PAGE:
VNA & Hospice of the Southwest Region provides adults 18 and older with the following Center for Disease Control (CDC) recommended immunizations, including booster shots.
- DTP (Diphtheria, Tetanus and Pertussis) See information about the Tdap vaccine below.
- Tetanus Toxoid
- Hepatitis B
- Hepatitis A
- Varicella/Chicken Pox
- Influenza (Flu)
- HPV (Human Papillomavirus)
Please call us at 802.775.0568 to schedule an appointment or to speak with a Community Health Nurse.
Prevent whooping cough. Get vaccinated.
There is a whooping cough outbreak in Vermont with more cases of the illness occurring than we usually see. In Vermont last year, there were 645 cases of whooping cough, also called pertussis, reported. Rutland County had the highest outbreak with 131 cases. So far, in 2013, there have been more than 70 cases reported state-wide.
Whooping cough is a bacterial infection of the respiratory system that causes uncontrollable coughing. The name comes from the high-pitched noise you make when you take a breath after you cough. Whooping cough is spread through coughing and sneezing. The infection can be very serious, especially for babies and young children. About half of infants younger than 1 year old who get the disease are hospitalized. Babies can get whooping cough from an adult or family member who may not even know they are sick with whooping cough. Infected people are most contagious up to about two weeks after the cough begins.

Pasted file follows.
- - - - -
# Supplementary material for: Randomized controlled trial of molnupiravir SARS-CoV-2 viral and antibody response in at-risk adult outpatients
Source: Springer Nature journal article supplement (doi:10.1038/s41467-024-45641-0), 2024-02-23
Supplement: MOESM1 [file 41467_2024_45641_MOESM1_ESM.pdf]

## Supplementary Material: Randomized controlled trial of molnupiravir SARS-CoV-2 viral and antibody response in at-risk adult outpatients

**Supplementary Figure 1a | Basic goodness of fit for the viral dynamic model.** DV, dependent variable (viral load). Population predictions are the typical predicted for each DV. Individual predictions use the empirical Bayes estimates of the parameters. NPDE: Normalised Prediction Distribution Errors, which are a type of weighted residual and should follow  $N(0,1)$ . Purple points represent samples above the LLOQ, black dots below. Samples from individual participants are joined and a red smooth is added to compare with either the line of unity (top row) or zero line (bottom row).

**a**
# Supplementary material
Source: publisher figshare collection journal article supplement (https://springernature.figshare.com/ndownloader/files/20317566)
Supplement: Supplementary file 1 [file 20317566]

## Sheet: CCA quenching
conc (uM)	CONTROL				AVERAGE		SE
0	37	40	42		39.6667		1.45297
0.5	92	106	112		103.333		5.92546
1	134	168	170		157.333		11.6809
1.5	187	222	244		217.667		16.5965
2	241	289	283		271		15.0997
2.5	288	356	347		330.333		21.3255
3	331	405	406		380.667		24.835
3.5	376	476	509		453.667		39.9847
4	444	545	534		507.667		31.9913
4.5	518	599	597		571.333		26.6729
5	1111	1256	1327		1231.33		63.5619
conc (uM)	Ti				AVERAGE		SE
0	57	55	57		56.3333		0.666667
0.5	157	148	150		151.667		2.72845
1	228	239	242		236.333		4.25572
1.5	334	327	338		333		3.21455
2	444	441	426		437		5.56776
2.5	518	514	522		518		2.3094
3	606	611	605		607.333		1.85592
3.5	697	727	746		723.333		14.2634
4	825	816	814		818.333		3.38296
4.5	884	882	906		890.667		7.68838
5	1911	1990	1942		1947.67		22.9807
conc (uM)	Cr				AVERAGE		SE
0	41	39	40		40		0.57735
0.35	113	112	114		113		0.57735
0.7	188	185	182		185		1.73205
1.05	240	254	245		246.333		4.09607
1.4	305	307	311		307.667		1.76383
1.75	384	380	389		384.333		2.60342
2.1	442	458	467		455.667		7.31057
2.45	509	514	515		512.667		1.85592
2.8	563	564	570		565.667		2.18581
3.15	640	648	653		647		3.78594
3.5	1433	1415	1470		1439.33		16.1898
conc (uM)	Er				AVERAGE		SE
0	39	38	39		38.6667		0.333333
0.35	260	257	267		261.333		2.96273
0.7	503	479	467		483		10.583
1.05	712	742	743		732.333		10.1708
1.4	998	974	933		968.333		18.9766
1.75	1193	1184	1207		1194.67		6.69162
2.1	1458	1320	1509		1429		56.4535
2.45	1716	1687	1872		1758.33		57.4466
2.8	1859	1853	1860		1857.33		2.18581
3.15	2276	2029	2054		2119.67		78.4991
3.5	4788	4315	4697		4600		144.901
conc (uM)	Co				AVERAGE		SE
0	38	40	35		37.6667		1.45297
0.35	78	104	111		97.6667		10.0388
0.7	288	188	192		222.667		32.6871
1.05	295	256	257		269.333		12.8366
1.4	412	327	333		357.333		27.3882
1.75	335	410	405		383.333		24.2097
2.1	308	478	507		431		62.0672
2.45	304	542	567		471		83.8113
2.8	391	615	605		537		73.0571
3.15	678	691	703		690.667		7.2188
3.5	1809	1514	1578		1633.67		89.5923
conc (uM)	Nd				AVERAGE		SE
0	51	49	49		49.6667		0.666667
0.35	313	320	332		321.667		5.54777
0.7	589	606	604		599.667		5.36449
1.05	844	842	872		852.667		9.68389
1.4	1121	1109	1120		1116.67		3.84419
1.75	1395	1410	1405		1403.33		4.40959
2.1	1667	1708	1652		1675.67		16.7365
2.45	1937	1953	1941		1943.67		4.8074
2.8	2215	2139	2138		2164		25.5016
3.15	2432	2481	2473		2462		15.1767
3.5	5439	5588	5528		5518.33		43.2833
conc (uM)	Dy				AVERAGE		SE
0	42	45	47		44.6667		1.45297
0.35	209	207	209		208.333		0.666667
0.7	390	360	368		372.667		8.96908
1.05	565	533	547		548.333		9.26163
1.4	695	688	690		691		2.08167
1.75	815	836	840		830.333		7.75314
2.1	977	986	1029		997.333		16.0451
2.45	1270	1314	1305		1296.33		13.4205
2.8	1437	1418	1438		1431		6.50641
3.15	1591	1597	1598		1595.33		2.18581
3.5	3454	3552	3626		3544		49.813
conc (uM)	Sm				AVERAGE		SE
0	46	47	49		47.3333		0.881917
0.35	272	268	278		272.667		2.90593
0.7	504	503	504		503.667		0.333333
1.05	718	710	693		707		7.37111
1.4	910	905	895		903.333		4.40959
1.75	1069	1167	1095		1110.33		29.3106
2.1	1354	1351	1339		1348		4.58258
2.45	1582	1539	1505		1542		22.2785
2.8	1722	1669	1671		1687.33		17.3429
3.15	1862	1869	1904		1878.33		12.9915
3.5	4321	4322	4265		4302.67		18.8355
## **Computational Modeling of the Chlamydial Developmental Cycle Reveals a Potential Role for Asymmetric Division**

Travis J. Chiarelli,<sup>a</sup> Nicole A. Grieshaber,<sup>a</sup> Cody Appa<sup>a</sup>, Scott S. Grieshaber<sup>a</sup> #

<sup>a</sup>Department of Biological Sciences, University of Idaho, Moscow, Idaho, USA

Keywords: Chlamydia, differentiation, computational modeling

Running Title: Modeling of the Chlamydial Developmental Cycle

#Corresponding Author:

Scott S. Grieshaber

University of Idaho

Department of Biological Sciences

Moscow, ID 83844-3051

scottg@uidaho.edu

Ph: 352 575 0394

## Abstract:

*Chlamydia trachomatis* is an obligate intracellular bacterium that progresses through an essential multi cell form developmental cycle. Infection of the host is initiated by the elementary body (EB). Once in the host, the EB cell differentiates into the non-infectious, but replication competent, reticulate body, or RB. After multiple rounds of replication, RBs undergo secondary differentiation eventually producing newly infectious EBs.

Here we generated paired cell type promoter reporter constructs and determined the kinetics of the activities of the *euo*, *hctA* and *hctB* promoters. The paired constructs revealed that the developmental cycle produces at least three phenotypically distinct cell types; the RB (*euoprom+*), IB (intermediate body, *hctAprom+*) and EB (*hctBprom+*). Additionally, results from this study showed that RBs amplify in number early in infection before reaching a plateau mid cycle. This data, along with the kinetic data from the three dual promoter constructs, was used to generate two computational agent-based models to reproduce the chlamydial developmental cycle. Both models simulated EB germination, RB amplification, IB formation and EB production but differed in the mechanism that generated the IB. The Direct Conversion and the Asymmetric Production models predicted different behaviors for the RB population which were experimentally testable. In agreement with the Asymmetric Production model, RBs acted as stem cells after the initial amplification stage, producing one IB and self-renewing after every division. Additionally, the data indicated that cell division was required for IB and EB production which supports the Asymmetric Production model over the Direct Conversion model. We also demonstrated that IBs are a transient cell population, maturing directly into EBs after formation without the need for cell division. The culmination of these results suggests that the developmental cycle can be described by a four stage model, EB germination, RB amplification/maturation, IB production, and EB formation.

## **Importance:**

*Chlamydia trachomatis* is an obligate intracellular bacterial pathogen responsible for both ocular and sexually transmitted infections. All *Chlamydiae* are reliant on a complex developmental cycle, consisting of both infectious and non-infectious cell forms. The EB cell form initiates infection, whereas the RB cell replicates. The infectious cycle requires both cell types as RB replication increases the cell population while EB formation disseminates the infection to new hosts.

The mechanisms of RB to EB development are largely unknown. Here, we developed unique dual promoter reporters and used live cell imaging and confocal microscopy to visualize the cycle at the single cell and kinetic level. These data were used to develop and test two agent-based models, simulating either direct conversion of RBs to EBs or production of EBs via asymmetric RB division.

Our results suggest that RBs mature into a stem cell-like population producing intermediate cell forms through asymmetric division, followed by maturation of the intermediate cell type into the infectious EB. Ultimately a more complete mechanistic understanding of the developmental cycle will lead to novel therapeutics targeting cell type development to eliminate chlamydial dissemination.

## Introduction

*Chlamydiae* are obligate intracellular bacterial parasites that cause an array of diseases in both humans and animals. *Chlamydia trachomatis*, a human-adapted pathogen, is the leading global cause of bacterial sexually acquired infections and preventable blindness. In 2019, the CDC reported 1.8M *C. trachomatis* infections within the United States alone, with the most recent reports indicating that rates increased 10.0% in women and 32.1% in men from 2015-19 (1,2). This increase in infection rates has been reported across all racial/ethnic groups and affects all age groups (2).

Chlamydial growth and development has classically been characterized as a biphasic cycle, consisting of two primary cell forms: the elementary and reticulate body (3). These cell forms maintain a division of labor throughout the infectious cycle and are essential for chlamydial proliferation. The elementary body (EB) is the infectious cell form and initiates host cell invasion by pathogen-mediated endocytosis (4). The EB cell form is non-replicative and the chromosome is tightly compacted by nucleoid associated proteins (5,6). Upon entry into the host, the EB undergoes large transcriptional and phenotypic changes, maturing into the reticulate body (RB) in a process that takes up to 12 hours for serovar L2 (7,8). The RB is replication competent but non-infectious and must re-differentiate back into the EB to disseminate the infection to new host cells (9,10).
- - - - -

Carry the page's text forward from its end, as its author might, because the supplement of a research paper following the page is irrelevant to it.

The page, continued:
What’s the best way to prevent whooping cough (pertussis)?
The best way to protect yourself and the babies around you is to get vaccinated. Health officials strongly recommend that expectant mothers get vaccinated, not only to protect themselves, but also to pass the protection on to their newborns. Adults who care for or are around babies on a regular should also get vaccinated.
Where can I get vaccinated against whooping cough (pertussis)?
Call your local Vermont Department of Health for more information.
There are two vaccines available that protect against tetanus, diphtheria and pertussis:
- DTaP (for babies and children through age six)
- Tdap (for kids seven years and older, adolescents, and adults)
Who should get vaccinated?
- Pregnant women (over 20 weeks)
- Health care workers
- Anyone who cares for babies less than a year old
- All adults should get one dose of the Tdap vaccine. If you had one Tdap vaccine (first introduced in 2005), then you don’t need another one.
What are the symptoms of whooping cough (pertussis)?
Early signs start with cold-like symptoms and can last for up to two weeks and usually include:
- Runny nose
- Low-grade fever
- Mild, occasional cough
- Apnea – a pause in breathing (in infants)
Unlike the common cold, pertussis can become a series of coughing fits that continue for weeks. As the infection progresses symptoms may include:
- Fits of coughing followed by a high-pitched “whoop”
- Exhaustion after a coughing fit
- Worsened cough at night
Complications can include fractured ribs from excessively strong coughing and pneumonia, which can be a secondary infection.
How is whooping cough treated?
It’s a bacterial infection, so it can be treated with antibiotics.
For more information please call us at 802.770.1536.